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Rowden Revisited - Part 2 of the Ash interview


By Mark H
December 22 2005

Part two of our interview with Ashley Rowden. I must admit, one of the questions that I didn’t get a chance to ask on the day, but did four days later, was the one raised about Andy Goode’s (missed) conversion at Welford Road earlier in the season.

The question someone raised was would he have gone to the television official?  Well, Ash assures me that he would have done, making the most of the technology available, because there was doubt over whether it went through.  Now onto the questions I did remember!

 

Who do you think you've carded the most in Premiership games?

 

I would probably say...I wouldn't have a clue, wouldn't have a clue.

 

If I said Martin Corry...

 

(Bursts into fits of laughter)

 

And Adam Balding, with three each...

 

Seriously?  Well that's not too bad in over a hundred odd matches, is it?  I can remember two of Martin's, I can't remember the third.  One of them was at home, one was away at Wasps in a memorable game, can't remember the third one. The funny thing is that I really like both of them, their attitude to the game and how they interact with me, so just proves the point that even though I’m friendly with players, if they’ve got to go, they go!

 

One of the interesting things on your stats is that there are a lot of weeks where you've not carded anybody, and then there's something like the Saracens-Leeds game...

 

Four!

 

Four in twenty minutes...

 

Yeah, I think some days...you know, we're human, we're not robots, and some days you go out and think "Right, I'm not in the mood to be...mucked around" - substitution of word there - and you want to make a statement.  I think we referee differently on television, without a shadow of a doubt, and sometimes that's good and sometimes that's bad.  The game was on TV, I suppose I wanted to make a statement that we were going to have a game of rugby today guys, it's New Year's Day, let's not have a...you know, let's not kill it.  There's people sat at home, on a break, relaxing and enjoying themselves, they don't want to see eighty minutes of dirge, and the way you set your stall out, you say we're not going to have that today.

 

Is it harder to referee a TV game?

 

Oh without a doubt, without a doubt.  For me, if I never referee on TV again I'd be quite happy, I'll leave that to the youngsters and full timers, because I like to referee by first name terms, and I can't do that on TV.  Well, I can, but my bosses get very, very upset!  You can't have me saying JW roll away, Cozza don't do that, Lol stay onside, Johnno you're in the bin.  You know...

 

One thing I noticed last night watching Rob Debney's performance (at Bath-Leeds), he never stopped talking...

 

Yeah, makes me seem a bit like a deaf mute at times, doesn't it?  Not knocking Rob, because he's learning his trade, but you get a bit of white noise - if you talk too much, the players don't listen.  Sometimes it's best to say little is best, and he's still learning, he's on TV, and he's hyper a bit, you know, it's a natural thing.  What he didn't do, he didn't call anybody on first name terms, did he?

 

No...

 

But he did call "ruck" a hell of a lot.  My ear is still suffering this morning.

 

You've carded more Leicester players than any other club...

 

Now there's a surprise!

 

Are you the only referee that stands up to them, given the fact that you've also awarded a penalty try against them at Welford Road in a cup tie...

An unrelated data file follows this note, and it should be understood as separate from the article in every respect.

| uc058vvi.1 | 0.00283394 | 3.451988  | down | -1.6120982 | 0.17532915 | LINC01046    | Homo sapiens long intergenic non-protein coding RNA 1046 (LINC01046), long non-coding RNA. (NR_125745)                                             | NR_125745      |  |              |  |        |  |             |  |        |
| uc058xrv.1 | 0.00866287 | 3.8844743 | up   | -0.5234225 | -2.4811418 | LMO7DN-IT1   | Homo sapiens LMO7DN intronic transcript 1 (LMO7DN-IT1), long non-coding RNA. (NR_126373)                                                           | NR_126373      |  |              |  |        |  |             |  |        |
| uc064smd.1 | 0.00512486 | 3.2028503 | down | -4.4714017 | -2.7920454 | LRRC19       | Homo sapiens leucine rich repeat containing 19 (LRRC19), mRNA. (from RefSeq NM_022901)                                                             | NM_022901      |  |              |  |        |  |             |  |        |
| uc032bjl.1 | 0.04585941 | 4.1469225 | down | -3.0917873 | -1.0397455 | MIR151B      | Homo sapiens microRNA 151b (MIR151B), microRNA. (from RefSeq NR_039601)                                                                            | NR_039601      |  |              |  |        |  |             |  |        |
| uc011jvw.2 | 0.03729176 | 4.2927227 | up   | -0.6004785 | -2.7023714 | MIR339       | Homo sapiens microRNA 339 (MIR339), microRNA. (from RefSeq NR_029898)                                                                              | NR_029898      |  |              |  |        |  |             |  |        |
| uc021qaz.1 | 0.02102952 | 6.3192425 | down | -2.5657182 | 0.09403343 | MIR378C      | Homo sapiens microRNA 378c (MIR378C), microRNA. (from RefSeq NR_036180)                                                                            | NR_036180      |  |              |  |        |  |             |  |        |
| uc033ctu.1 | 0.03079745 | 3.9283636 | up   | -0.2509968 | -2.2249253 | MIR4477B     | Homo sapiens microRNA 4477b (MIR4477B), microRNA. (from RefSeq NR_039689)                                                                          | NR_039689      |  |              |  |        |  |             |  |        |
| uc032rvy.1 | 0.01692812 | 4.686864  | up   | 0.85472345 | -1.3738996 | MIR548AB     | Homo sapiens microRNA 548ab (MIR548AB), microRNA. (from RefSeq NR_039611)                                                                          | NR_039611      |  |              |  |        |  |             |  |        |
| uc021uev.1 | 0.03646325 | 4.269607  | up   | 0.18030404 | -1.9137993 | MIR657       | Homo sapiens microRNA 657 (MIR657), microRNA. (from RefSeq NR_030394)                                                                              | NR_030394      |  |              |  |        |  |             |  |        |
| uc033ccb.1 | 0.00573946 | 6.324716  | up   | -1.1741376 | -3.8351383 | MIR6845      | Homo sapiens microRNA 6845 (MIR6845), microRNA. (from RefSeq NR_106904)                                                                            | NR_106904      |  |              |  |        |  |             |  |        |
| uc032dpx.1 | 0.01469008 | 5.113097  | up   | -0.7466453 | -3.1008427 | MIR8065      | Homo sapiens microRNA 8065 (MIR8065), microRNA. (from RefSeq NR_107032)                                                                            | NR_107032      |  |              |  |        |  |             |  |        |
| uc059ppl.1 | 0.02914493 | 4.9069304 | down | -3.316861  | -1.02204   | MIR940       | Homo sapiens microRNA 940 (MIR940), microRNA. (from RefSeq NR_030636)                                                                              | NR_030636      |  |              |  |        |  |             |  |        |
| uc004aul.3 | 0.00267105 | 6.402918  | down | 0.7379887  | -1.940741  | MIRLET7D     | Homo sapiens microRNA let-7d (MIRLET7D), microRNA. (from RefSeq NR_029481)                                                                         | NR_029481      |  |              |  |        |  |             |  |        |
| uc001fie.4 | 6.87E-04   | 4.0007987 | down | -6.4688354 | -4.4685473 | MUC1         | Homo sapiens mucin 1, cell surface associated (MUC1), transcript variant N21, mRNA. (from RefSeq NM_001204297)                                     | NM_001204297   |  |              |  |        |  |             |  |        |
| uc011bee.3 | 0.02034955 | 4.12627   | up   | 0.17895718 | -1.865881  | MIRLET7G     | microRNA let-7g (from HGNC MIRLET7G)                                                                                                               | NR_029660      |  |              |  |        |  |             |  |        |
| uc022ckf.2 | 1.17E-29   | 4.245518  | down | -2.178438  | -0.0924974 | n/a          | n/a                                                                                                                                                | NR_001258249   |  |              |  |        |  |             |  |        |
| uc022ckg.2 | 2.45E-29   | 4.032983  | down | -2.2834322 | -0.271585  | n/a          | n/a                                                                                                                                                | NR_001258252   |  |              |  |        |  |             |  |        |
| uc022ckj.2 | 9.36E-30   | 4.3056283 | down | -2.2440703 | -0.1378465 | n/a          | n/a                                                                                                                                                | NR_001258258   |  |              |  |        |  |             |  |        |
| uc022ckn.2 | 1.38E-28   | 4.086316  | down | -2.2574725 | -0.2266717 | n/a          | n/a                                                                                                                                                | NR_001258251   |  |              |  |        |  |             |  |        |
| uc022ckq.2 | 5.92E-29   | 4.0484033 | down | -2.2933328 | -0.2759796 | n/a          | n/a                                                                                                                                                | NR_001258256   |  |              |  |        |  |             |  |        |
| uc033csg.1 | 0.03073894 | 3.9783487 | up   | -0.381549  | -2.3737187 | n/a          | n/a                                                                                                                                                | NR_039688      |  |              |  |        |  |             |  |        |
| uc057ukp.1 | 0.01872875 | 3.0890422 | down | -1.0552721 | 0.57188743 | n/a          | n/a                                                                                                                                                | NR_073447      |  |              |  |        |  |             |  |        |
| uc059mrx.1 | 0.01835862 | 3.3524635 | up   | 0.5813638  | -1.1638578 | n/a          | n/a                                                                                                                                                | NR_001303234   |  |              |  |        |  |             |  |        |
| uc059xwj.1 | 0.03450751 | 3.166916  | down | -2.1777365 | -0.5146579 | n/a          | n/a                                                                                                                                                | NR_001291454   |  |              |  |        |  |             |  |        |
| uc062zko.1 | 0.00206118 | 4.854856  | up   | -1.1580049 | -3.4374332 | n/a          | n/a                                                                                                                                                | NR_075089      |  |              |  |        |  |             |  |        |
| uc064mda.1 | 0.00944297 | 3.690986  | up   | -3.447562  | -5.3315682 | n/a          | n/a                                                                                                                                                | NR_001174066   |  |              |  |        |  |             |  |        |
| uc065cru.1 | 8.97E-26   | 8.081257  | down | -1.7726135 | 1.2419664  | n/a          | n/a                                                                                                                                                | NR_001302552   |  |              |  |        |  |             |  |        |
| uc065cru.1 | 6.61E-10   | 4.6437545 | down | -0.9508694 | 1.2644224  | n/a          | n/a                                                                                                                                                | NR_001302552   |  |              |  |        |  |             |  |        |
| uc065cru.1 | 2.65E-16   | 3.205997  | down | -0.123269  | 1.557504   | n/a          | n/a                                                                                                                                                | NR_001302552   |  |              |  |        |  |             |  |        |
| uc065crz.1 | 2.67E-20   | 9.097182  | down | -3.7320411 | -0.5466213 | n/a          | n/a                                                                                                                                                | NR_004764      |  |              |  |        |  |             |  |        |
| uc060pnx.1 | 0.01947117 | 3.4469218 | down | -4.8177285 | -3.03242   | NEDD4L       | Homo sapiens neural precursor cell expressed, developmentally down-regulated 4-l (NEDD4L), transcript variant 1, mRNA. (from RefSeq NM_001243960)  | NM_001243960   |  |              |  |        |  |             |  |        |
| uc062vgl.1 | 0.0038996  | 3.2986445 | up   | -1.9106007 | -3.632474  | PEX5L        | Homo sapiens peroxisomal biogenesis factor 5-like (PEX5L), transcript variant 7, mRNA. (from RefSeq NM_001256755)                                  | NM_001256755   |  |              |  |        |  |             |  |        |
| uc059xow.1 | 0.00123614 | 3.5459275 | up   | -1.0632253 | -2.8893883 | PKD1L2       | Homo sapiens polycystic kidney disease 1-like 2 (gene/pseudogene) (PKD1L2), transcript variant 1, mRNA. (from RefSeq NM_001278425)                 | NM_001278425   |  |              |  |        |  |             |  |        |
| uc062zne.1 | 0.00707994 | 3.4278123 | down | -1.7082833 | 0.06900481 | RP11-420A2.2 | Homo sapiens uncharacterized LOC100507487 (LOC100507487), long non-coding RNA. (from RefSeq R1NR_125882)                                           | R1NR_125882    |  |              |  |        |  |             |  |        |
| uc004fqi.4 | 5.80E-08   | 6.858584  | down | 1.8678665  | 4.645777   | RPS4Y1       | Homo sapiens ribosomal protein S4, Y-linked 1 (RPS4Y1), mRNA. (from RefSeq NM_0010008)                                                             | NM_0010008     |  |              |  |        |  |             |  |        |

And it cost them the match as well!  No, of course I'm not the only referee that stands up to them, but they are...when I first went there, it too me three, four years to get used to refereeing them.  They are very good at what they do, they are the arch exponents of pushing the law to the limit of the letter, and the referee.  At Welford Road when you first start, it is hugely intimidating, and I freely admit, they used to get more 50:50s when I first started out.  As you get experience, you think these are only human beings, and even though they play for England, they're not going to tell me what to do.  The way they play the game and the way they train, they will give away more penalties, Lewis Moody a classic case, you know, plays fantastically well but he's always on or over the edge, you know, sometimes he's a liability.

 

(Just over four and a half hours later Moody was red carded atTwickenham.)

 

It's difficult to say this without [me] having pride in it, but to card Johnno and Backy...

 

(Laughter)

 

...within twenty five minutes of their last East Midlands derby...

 

(More laughter)

 

What were you thinking?

 

When I went into that game I was thinking, it was a game that Northampton had targeted as a must win, so the Backy one was clear to me, even though John Wells tried to defend it at our elite conference at the beginning of the season.  He didn't find much favour with any of the referees who all thought "well, he's got to go John, he's killed it, he’s made the tackle, he's rolled to the wrong side, and made no effort to get away whatsoever".  Ten minutes in, we're in the red zone, five yards out, he's going in the bin.  You don't actually, you know, it's like...it's what people don't understand about refereeing a Premiership game, there are so many things going through your head in terms of what's the score at the time, what's the temperature of the game, where are we on the field, who's the guy on the ground, so he knew what he was doing.  Maybe if that had been, I dunno, maybe if that had been Ben Lewitt for Saints or Ben Woods for Falcons, I may not have binned him, I'd have thought, "he's young and raw".  I might have given him the benefit of the doubt.  With Backy, there is no benefit of the doubt - he's fantastically good at what he does, only that time I caught him out.  Johnno was simple, could have been a red maybe if we'd seen the incident, there was enough blood for it to have been a red, but you know, again, the players have got no problem whatsoever.  They'll whinge, but they know deep down that you're right, but their human nature is that they won't admit it on the pitch, because that's a sign of weakness.

 

On a day like today when the weather's a bit inclement (it was freezing stood outside doing the interview), pitch might be a little bit hard, do you have different boots for the circumstances, or is it just a case for the referees of "here we are, here's my boots, we're getting on with it"?

 

For a long time we've been supplied with boots, and being a tight-fisted git with no job, I tend to wear the boots that I'm given because I won't spend any money, but now we've got some, we've been given some new Asics which are very very nice.  You'll see most of the referees wearing them, and they're like wearing slippers, and they're like wearing blades.  Very comfortable, but I don't really look at the weather conditions as such, in terms of what my footwear would be.